Why the variety of children enrolled in a federal profit program has dropped dramatically : NPR


In recent times, the variety of kids enrolled in a federal profit program, Supplemental Safety Revenue, has dropped. It gives help to people who find themselves very poor and have a incapacity.


Over the previous decade, there was a dramatic drop within the variety of poor and disabled kids getting assist from the federal authorities. A security internet program known as Supplemental Safety Revenue gives cash and infrequently medical health insurance to about one million of those children. Research present it lifts a lot of them out of poverty. However consultants estimate that a whole bunch of hundreds of the nation’s most weak kids are lacking out on this assist. As Gabrielle Emanuel of member station WBUR experiences, the stakes are excessive.

GABRIELLE EMANUEL, BYLINE: Virtually each evening, Roberta Biscan calls her son, Connor, on FaceTime.

ROBERTA BISCAN: What did you’ve got for supper tonight? Did you’ve got ramen?

CONNOR: Yeah. Yeah, Yeah, I did.

BISCAN: I figured.

CONNOR: Hey, I find it irresistible.

EMANUEL: Biscan needs she might make a home-cooked meal for her son, however he is at a residential faculty for youths with autism. When Connor was identified as a toddler, Biscan says she felt unhappy and determined. One massive concern was monetary. She’d all the time deliberate on working.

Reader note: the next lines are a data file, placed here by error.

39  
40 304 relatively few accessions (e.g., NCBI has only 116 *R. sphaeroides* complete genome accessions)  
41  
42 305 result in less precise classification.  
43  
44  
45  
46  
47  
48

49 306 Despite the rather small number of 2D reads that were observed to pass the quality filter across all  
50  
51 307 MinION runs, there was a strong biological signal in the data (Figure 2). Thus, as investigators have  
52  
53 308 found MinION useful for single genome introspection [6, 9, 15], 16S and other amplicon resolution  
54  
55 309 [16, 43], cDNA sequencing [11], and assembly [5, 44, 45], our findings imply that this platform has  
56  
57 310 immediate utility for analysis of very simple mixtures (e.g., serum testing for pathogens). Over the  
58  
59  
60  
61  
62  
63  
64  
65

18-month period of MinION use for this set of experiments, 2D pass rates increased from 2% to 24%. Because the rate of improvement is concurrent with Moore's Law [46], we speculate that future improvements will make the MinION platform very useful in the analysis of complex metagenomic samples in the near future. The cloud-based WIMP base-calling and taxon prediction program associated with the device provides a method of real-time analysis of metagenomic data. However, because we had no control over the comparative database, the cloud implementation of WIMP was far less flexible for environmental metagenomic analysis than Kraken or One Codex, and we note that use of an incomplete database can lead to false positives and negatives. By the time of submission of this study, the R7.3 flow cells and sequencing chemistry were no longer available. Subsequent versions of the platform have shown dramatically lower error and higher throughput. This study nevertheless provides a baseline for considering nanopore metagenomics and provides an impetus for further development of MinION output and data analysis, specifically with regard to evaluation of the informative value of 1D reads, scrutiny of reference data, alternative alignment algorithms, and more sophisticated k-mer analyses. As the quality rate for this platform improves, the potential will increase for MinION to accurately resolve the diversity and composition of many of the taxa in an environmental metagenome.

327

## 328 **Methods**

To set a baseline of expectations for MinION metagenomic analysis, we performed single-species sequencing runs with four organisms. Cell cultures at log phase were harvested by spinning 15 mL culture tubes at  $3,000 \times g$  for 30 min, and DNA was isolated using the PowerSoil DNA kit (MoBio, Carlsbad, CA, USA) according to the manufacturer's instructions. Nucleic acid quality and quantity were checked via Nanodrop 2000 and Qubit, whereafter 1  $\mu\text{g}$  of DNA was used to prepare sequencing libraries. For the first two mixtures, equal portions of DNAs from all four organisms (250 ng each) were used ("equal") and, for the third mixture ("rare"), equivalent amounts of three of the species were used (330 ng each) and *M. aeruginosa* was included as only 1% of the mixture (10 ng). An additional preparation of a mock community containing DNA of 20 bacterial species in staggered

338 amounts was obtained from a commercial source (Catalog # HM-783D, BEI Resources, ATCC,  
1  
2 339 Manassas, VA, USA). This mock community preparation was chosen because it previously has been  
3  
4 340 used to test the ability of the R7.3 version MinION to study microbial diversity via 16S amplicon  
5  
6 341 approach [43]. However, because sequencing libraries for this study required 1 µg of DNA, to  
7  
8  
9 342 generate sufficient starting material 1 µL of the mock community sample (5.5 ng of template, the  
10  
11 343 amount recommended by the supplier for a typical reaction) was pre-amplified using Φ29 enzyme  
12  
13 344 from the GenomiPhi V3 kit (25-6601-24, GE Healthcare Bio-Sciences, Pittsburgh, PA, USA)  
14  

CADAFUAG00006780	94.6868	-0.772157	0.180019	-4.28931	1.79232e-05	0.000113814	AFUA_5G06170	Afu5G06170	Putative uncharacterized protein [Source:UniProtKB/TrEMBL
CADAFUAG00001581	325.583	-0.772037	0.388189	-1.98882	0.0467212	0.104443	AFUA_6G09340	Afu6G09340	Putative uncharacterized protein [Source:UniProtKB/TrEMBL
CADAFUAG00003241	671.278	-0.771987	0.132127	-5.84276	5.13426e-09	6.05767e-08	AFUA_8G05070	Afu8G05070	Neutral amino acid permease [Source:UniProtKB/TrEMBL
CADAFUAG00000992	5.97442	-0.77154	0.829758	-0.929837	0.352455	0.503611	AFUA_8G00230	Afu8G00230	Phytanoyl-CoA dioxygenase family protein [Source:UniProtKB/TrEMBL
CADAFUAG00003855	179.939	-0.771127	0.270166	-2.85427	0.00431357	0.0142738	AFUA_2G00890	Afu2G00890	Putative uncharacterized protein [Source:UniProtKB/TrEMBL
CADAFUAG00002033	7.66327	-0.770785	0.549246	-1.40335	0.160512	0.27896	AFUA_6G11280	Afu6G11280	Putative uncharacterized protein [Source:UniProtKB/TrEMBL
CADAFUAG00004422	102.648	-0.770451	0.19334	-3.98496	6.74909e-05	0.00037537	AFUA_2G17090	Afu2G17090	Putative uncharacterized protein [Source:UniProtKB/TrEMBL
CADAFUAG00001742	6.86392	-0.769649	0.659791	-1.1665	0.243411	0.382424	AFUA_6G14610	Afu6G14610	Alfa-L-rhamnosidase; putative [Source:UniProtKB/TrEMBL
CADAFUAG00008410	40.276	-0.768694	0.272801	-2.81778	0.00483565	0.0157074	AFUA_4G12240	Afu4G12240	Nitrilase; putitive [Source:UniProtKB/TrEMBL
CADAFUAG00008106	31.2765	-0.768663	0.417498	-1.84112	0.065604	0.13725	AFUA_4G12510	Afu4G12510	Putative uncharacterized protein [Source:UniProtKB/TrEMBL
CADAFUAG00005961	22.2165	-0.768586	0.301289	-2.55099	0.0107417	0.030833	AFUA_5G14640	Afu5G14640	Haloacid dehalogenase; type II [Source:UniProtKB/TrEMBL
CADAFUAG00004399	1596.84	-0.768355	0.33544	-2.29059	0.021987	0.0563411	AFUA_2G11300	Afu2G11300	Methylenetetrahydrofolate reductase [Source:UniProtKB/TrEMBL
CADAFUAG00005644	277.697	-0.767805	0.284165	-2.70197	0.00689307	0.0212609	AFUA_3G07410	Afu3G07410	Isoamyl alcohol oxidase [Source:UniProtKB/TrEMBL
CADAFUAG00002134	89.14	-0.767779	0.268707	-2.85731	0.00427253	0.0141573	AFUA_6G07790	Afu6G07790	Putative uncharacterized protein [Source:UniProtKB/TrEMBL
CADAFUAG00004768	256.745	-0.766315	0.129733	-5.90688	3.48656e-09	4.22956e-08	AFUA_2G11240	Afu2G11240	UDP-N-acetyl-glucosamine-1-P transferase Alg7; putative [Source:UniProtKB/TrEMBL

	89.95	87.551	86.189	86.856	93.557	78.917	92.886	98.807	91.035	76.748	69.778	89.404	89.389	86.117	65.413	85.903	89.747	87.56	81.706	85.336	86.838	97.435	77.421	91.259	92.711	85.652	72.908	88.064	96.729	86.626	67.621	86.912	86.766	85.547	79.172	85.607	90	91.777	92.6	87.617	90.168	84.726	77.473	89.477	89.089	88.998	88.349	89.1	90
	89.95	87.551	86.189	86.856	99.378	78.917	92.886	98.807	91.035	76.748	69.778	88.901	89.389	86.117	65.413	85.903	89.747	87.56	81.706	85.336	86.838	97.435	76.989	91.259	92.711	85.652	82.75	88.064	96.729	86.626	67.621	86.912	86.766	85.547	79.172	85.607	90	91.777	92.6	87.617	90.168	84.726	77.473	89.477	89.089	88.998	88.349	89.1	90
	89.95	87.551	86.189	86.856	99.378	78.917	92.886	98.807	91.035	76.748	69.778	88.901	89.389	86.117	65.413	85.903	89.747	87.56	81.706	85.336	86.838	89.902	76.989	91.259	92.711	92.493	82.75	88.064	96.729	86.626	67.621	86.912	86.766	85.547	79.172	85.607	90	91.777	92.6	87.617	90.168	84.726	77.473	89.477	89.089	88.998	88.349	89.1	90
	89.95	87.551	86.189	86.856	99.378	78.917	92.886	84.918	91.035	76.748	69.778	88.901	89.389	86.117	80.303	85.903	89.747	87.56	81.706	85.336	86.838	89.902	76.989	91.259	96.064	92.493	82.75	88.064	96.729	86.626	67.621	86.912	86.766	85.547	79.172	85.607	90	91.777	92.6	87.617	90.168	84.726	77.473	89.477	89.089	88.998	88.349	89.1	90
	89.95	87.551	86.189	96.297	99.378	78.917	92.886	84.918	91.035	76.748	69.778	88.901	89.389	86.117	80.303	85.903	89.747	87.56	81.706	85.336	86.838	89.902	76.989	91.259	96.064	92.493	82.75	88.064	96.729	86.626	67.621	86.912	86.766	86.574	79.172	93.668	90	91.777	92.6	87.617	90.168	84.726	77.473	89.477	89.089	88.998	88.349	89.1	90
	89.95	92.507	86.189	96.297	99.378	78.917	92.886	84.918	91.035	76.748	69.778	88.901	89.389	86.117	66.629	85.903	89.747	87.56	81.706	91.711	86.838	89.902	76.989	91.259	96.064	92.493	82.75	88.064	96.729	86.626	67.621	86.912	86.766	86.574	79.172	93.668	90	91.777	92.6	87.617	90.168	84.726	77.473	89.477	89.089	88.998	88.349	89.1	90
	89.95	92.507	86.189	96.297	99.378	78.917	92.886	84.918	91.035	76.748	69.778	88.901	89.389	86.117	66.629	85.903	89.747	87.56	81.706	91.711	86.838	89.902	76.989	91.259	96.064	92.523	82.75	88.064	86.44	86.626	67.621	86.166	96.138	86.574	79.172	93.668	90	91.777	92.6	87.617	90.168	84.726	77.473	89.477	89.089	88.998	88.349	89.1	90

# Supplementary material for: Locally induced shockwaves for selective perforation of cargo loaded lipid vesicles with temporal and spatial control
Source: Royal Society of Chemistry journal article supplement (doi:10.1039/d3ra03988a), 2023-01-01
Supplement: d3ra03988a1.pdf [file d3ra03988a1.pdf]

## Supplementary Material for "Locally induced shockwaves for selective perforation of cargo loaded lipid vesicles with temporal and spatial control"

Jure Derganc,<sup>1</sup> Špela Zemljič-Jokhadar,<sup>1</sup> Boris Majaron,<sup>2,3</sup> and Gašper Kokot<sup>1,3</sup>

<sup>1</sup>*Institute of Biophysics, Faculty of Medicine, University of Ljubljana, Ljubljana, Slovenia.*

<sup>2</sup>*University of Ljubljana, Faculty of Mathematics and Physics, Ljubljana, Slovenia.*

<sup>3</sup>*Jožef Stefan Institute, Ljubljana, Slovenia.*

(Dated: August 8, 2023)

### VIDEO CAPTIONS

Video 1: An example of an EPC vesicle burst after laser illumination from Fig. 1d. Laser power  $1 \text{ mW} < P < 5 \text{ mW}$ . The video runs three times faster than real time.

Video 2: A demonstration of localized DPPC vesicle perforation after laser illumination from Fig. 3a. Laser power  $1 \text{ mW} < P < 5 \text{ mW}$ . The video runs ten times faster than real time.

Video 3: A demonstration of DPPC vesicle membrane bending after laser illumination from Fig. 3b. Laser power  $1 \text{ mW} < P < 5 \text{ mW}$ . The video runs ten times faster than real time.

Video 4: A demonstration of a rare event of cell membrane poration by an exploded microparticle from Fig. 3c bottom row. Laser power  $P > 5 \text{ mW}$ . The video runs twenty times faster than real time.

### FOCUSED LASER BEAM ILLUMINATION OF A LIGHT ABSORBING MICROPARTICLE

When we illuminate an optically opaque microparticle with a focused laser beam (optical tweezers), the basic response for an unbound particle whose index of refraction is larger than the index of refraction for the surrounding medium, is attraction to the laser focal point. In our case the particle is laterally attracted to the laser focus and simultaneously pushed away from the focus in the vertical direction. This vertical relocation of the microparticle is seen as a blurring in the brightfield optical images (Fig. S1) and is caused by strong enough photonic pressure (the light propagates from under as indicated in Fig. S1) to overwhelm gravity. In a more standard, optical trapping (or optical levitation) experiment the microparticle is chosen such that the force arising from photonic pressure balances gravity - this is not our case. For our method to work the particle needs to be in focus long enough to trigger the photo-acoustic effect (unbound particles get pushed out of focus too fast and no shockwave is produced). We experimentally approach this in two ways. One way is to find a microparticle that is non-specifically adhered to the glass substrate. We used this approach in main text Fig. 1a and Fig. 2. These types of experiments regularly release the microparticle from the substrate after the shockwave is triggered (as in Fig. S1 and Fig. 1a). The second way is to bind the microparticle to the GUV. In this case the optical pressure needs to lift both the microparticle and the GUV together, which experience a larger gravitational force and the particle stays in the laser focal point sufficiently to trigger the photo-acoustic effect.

BISCAN: I could not work for the primary 10 years of his life as a result of I used to be simply so busy with remedy appointments, physician’s appointments. I simply needed to be obtainable. I used to be a single dad or mum.

EMANUEL: Single dad or mum of Connor and new child twins. Biscan all the time lived close to household in Massachusetts. She began working in customer support as a youngster, and she or he appreciated it. It was in her 30s, with Connor’s analysis, that she stopped working.

BISCAN: I used to remain up until 1, 2 o’clock within the morning simply researching helps and…

EMANUEL: And one evening, she discovered what would grow to be their lifeline – Supplemental Safety Revenue or SSI. Connor’s incapacity, plus the household’s very restricted earnings, certified them for about $500 a month.

BISCAN: That cash was actually essential in order that I might give him some, you understand, shelter and meals and clothes.

EMANUEL: SSI is a $60 billion program. It dates again to the Seventies and President Richard Nixon. Over its 50-year historical past, SSI has by no means reached all the youngsters who’re eligible. Many simply do not learn about this system. But these days, consultants have seen a brand new pattern.

KATHLEEN ROMIG: During the last 10 years or so, enrollment has declined.

EMANUEL: Kathleen Romig is with the nonpartisan Heart on Funds and Coverage Priorities.

ROMIG: In actual fact, in the previous few years, SSI enrollment has reached all-time lows per capita.